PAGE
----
(RNS) — A few weeks ago I was in a Deseret Book store in Utah and found the Scripture section predictably divided into four subsections: one bookshelf each for the Old Testament, the New Testament, the Book of Mormon and the Doctrine and Covenants.
Within the D&C area’s dozens of offerings were two books — just two books! — devoted to the Pearl of Great Price, the other “standard work” of the Church of Jesus Christ of Latter-day Saints. A brief hodgepodge of several genres, it contains two books of Scripture purporting to be authored by Old Testament prophets (the Book of Moses and the Book of Abraham), a historical reminiscence by Joseph Smith, a creedal statement from the early church and other miscellany.
The Pearl of Great Price is the only standard work to not receive at least a year in the church’s four-year study cycle: The Bible gets two years (one for the Hebrew Bible, one for the New Testament), the Book of Mormon gets one, and the D&C gets one. The Pearl of Great Price gets occasional references when some of its verses confirm or complement elements in the other, better known, standard works, but is otherwise understudied, underpreached and underutilized.
Maybe now that will start to change. Terryl Givens’ latest book, “The Pearl of Greatest Price: Mormonism’s Most Controversial Scripture,” takes on the history and theology of this neglected volume, arguing that members of the church ignore it at their peril. — JKR
You’ve articulated so well something I have felt for a long time: The Pearl of Great Price is like the unwanted stepchild of the LDS canon. When and why did that happen?
It’s interesting — in the early 20th century we have a comment from Annie Clark Tanner who was reminiscing about growing up in Utah, and she says that in her Sunday school class they studied three texts: “The Voice of Warning” and “Key to Theology,” both by Parley P. Pratt, and the Pearl of Great Price. So at one point in the past it was considered a key text in theology, and part of its fortunes have to do with the shifting tide of theology in Mormonism. Metaphysics or speculative theology had a higher place then than they do now.
In the Pearl of Great Price you find all the distinctive doctrines of the LDS faith. In recent years, the church has wanted to be seen as a more conventional denomination. Leaders have emphasized commonalities with other Christian churches rather than differences, and as a consequence, the Bible has taken on a greater role. Only since President (Ezra Taft) Benson has the Book of Mormon become more prominent.
Also, in the last decade or two, the relentless assaults on the validity and historicity of the Pearl of Great Price have made the church even more reluctant to make more of it. It’s a perfect storm. I would personally urge dropping the Old Testament (from the church’s four-year scripture cycle) and spending a whole year on the Pearl of Great Price.
As Simone Weil put it many years ago, the Old Testament is one of the major impediments to anyone embracing a Christian faith. And Mormons culturally, not doctrinally, are too wedded to infallibility to read the Old Testament profitably. Smith gave Latter-day Saints ample latitude to read the Old Testament discerningly, but they do not. Instead they employ intellectual gymnastics trying to justify the genocide in Canaan, etc.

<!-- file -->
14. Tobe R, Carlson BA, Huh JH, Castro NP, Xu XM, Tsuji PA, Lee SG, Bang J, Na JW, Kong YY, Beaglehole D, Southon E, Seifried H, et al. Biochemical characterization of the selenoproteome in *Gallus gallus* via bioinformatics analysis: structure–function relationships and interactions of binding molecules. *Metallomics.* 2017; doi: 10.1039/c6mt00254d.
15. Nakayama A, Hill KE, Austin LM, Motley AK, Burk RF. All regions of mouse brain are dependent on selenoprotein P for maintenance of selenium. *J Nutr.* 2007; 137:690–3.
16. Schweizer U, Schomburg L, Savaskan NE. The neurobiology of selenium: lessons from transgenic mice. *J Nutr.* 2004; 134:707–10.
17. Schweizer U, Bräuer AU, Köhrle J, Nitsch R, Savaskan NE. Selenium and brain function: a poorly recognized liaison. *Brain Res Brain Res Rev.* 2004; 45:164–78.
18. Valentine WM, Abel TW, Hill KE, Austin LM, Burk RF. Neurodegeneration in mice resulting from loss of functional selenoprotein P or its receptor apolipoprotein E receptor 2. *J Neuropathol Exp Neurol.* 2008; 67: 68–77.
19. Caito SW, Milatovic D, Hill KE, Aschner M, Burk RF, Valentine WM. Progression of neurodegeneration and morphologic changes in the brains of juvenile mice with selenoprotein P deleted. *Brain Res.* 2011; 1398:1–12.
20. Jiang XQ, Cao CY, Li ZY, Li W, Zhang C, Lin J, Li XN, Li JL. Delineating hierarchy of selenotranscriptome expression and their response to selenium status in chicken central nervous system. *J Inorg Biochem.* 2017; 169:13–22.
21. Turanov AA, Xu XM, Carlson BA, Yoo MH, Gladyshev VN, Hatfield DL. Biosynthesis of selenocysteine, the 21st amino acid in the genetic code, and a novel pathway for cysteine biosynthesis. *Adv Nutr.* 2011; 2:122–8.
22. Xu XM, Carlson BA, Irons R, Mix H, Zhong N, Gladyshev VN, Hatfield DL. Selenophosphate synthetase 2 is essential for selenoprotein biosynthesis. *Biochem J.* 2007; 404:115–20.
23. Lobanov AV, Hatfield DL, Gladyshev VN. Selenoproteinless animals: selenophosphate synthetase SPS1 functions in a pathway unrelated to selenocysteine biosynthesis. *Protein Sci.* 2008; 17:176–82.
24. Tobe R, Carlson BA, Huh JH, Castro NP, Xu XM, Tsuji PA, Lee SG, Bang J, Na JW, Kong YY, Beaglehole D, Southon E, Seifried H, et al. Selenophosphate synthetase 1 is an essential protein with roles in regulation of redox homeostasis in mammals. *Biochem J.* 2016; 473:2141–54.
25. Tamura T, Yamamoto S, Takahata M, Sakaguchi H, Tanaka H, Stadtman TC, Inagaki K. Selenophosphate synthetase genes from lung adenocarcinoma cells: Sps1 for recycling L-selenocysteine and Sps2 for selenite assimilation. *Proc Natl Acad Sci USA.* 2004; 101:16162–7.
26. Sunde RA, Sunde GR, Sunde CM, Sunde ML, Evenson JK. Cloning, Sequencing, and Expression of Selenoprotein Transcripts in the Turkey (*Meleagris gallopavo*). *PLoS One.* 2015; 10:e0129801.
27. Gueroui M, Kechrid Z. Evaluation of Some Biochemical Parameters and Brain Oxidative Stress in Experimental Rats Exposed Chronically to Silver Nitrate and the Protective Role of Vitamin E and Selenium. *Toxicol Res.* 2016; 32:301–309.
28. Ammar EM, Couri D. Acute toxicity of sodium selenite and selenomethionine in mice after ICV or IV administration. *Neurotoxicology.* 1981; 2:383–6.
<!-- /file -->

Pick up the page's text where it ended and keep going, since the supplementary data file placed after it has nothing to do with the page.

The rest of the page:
I think you have to consider the sequence. Smith translates the Book of Mormon, and the Book of Mormon is replete with claims that the Bible is bereft of clarity and a fullness of the truth. The idea that “many plain and precious things” have been omitted is repeated some dozen times. And in a logical progression, he moves immediately after the Book of Mormon’s publication to revise the Old Testament.
And then immediately, as if he is learning right off the bat that parts of the Bible are beyond repair, he interpolates an entire book, the Book of Moses, which radically contests the canonical description of God. So it seems there that Smith has more than preached scriptural fallibility; he has enacted scriptural fallibility and supplemented scripture with a radically revisionist text. That is why the Book of Moses should have pride of place in both LDS evangelizing and doctrinal teaching.
Let’s play conjectural history. What would Mormon theology have looked like without the Pearl of Great Price?
It’d just be warmed-over Protestantism. Mormonism radically reconstitutes covenant theology, the entire cosmic framework upon which Mormonism rests. And it does this thoroughly and completely through the Pearl of Great Price. It is through both Abraham and Moses that we get the doctrine of premortal existence, the original instantiation of God’s covenant with the human race, which takes place in premortality in the Book of Abraham and again in the garden in the Book of Moses.
It is only in the Pearl of Great Price that we get a revised understanding of the nature of God as capable of suffering with humankind, and fully sharing in their pain, both at the level of the Father and the Son. It is in Enoch that we get the first glimpses of theosis, the potential divinization of humans. And then in some ways, most significant of all institutionally if not theologically, we get the whole Zion-building project modeled by Enoch and his city, which immediately and totally redefines Smith’s self-understanding.